It may look like just a big gray box, but the information it contains inside could save a life.
Representatives of the National Weather Service in Little Rock and Memphis and representatives of the United States Geological Survey converged at the Old Hardy Gym Feb. 5 to tell local residents and officials just what having three additional flood warning systems could mean to those living or camping along the Spring River.
"This flood warning system is just another tool to help us do our job," said Steve Bays, hydrologist with the NWS.
To provide more warning for residents on the upper portion of the Spring River (Fulton and Sharp counties) the two organizations suggested three additional streamgages be erected -- one on the Warm Fork River near Thayer, Mo., another on the Myatt Creek near Mammoth Spring and another streamgage on the South Fork River near Saddle.
"We know it will be a help for our community -- our entire community," Hardy Mayor Nina Thornton said. "We have a real need for this and if it saves one life it's worth every single penny."
The NWS and the USGS recently upgraded the streamgage near the Spring Street Bridge in Hardy to be used as a flood warning system. The upgrades to the Hardy system totalled $8,000 in equipment and labor, said Jaysson Funkhouser, surface water specialist with the USGS. The yearly maintenance is $14,300. All costs are paid for by the USGS and the NWS.
Interest in such a warning system was piqued after the September storms. During a three-day period Hardy received 11 inches of rain, Bays said.
With the upgrades, the Hardy station measures rainfall amounts as well as determines stages and rises at that site on Spring River. The station reads the information every 15 minutes and sends the information to the weather service each hour by satellite.
The station also computes its own data. Rene Freret, hydrologic technician with the USGS, said the streamgage modem will dial out to officials and the NWS when there is more than two inches of rain per hour, when the river gets to eight feet and when there is greater than a three foot rise per hour. The streamgage also calls to the Sharp County 9-1-1 once a week to make sure the station is in working order, he said.
Hardy's flood warning system is useful in alerting residents downstream if they need to evacuate, but doesn't help the Hardy area or areas further north prompting the interest in the three new streamgages.
"What you've had in the past was (Police Chief) Ernie (Rose) and myself out watching the river and we don't go to Mammoth," said Hardy Fire Chief Lonnie Phelps.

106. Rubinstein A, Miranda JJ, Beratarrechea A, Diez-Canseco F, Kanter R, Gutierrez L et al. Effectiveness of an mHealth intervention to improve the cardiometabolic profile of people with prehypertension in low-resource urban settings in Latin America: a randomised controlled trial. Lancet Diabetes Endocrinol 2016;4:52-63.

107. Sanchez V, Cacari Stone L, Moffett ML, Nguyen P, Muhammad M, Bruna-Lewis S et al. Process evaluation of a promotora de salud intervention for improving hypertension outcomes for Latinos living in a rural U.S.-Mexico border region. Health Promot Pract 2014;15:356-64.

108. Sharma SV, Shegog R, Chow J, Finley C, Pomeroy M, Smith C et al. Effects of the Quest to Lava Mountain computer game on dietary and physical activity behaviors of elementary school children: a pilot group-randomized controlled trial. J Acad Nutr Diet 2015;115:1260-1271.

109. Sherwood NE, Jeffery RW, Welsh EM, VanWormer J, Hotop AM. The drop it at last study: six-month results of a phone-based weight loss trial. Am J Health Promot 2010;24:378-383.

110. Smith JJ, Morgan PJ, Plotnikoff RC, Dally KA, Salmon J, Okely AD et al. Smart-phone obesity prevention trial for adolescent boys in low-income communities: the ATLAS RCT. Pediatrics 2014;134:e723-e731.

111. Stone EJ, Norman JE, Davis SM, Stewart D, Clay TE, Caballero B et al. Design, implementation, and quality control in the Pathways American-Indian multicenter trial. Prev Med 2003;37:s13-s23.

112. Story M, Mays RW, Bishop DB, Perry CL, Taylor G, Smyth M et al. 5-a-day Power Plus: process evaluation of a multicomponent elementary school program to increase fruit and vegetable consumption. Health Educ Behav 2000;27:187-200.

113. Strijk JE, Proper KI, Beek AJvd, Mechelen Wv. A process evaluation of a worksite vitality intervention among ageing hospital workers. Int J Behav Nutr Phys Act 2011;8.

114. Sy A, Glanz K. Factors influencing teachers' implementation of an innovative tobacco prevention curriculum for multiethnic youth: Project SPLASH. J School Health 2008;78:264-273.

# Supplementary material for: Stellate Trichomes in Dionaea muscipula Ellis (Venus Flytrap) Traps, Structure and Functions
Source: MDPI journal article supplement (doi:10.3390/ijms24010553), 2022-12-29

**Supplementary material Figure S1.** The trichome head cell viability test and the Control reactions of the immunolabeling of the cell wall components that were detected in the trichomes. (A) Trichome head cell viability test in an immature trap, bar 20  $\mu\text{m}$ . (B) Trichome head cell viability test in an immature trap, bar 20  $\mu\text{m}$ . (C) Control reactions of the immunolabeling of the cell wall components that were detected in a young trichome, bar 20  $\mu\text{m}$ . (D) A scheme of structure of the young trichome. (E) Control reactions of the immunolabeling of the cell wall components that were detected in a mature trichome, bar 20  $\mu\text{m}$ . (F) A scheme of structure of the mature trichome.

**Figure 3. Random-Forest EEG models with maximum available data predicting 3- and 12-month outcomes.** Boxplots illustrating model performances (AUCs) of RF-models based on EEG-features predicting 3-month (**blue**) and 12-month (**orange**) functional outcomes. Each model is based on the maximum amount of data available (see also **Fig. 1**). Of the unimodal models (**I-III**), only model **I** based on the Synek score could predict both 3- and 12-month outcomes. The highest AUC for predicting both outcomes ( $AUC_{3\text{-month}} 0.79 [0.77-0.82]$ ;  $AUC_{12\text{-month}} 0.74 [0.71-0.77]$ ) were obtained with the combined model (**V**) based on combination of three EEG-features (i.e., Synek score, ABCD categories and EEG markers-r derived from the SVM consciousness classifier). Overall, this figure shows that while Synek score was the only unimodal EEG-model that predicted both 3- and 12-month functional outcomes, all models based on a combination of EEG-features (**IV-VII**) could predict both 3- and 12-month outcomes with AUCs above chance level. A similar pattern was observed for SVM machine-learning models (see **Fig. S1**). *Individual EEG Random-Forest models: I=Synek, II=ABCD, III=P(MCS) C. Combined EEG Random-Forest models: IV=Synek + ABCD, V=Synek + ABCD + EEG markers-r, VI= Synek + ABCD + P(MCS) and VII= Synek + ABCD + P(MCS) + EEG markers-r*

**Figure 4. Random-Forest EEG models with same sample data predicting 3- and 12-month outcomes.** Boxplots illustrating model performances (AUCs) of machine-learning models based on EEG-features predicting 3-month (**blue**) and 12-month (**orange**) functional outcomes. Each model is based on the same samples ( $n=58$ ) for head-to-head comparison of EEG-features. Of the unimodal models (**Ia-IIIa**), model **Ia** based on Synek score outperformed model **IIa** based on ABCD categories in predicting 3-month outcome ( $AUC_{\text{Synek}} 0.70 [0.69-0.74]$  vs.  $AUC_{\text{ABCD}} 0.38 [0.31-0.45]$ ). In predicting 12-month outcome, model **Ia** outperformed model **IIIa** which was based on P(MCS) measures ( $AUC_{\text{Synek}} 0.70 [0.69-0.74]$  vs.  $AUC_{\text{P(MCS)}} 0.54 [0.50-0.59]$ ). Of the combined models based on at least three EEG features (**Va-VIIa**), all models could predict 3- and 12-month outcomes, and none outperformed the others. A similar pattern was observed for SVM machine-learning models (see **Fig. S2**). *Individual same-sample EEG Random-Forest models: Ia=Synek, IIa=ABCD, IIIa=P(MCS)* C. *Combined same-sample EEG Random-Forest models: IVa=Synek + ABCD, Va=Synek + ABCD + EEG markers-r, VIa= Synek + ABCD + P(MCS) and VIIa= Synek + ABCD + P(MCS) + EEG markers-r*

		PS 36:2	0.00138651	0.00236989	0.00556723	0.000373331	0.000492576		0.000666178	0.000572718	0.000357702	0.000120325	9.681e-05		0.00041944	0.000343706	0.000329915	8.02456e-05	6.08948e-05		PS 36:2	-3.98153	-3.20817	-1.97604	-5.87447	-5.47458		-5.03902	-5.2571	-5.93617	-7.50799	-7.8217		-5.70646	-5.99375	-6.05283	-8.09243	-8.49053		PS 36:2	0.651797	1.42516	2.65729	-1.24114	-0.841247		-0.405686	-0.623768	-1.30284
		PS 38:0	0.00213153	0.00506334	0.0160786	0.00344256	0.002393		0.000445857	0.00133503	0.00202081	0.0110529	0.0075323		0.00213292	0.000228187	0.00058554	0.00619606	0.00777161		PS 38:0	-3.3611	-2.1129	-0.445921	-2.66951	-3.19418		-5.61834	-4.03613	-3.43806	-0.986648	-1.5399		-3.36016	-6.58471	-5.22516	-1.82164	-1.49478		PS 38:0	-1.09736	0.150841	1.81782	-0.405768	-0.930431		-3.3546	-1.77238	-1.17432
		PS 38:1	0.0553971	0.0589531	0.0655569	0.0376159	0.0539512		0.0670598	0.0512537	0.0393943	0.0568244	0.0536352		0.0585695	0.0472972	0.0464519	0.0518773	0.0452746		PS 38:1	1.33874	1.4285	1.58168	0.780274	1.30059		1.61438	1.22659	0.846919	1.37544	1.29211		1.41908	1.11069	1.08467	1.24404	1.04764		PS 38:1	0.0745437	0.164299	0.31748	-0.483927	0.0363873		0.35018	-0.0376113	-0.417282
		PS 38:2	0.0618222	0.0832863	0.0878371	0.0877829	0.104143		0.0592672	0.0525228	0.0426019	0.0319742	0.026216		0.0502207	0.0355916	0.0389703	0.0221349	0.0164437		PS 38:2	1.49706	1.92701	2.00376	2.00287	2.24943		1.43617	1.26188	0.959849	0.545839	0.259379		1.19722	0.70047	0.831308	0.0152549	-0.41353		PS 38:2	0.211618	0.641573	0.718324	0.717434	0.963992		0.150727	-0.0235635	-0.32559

The closest streamgages to Hardy are in Mammoth Spring, which only measures the flow from the spring, and another gage at Imboden.
To install streamgages at all three sites and have them serve as a flood warning system would cost an estimated $89,100 for the first year with yearly operation and maintenance fees of $20,000, Funkhouser said. Those funds would not be paid by the USGS and the NWS. Instead those costs would have to be paid for locally.
Funkhouser said there are currently 129 streamgages located throughout the state. Most of those are funded by several agencies, he said.
Hardy Police Chief Ernie Rose said canoe rental businesses, campsite owners, river residents, counties and cities could partner together to fund the project.
"If we just save one life it means a lot," he said.
Jim Pitcock of Sen. Mark Pryor's office said the senator is interested in the project and is willing to assist with the funding.
"This sounds like something FEMA (Federal Emergency Management Agency) would have money for," he said. "We could help and we'd be more than willing to do so."
After the meeting Sharp County Judge Larry Brown said he will discuss the issue with the Sharp County Quorum Court. He also said the county is looking at an additional way to reduce fatalities in floods. County Road Superintendent Dan Melbourne recently suggested the county put gates at the most dangerous low water bridges in the county, Brown said. The county is looking into that prospect.
Until a flood warning system is obtained, residents are best kept informed by using a NOAA radio, said John Robinson, warning coordination meteorologist with the NWS. The radios give continuous local weather updates along with watches and warnings, he said. The radios are most helpful at night, the times most flooding and tornado fatalities occur, he said.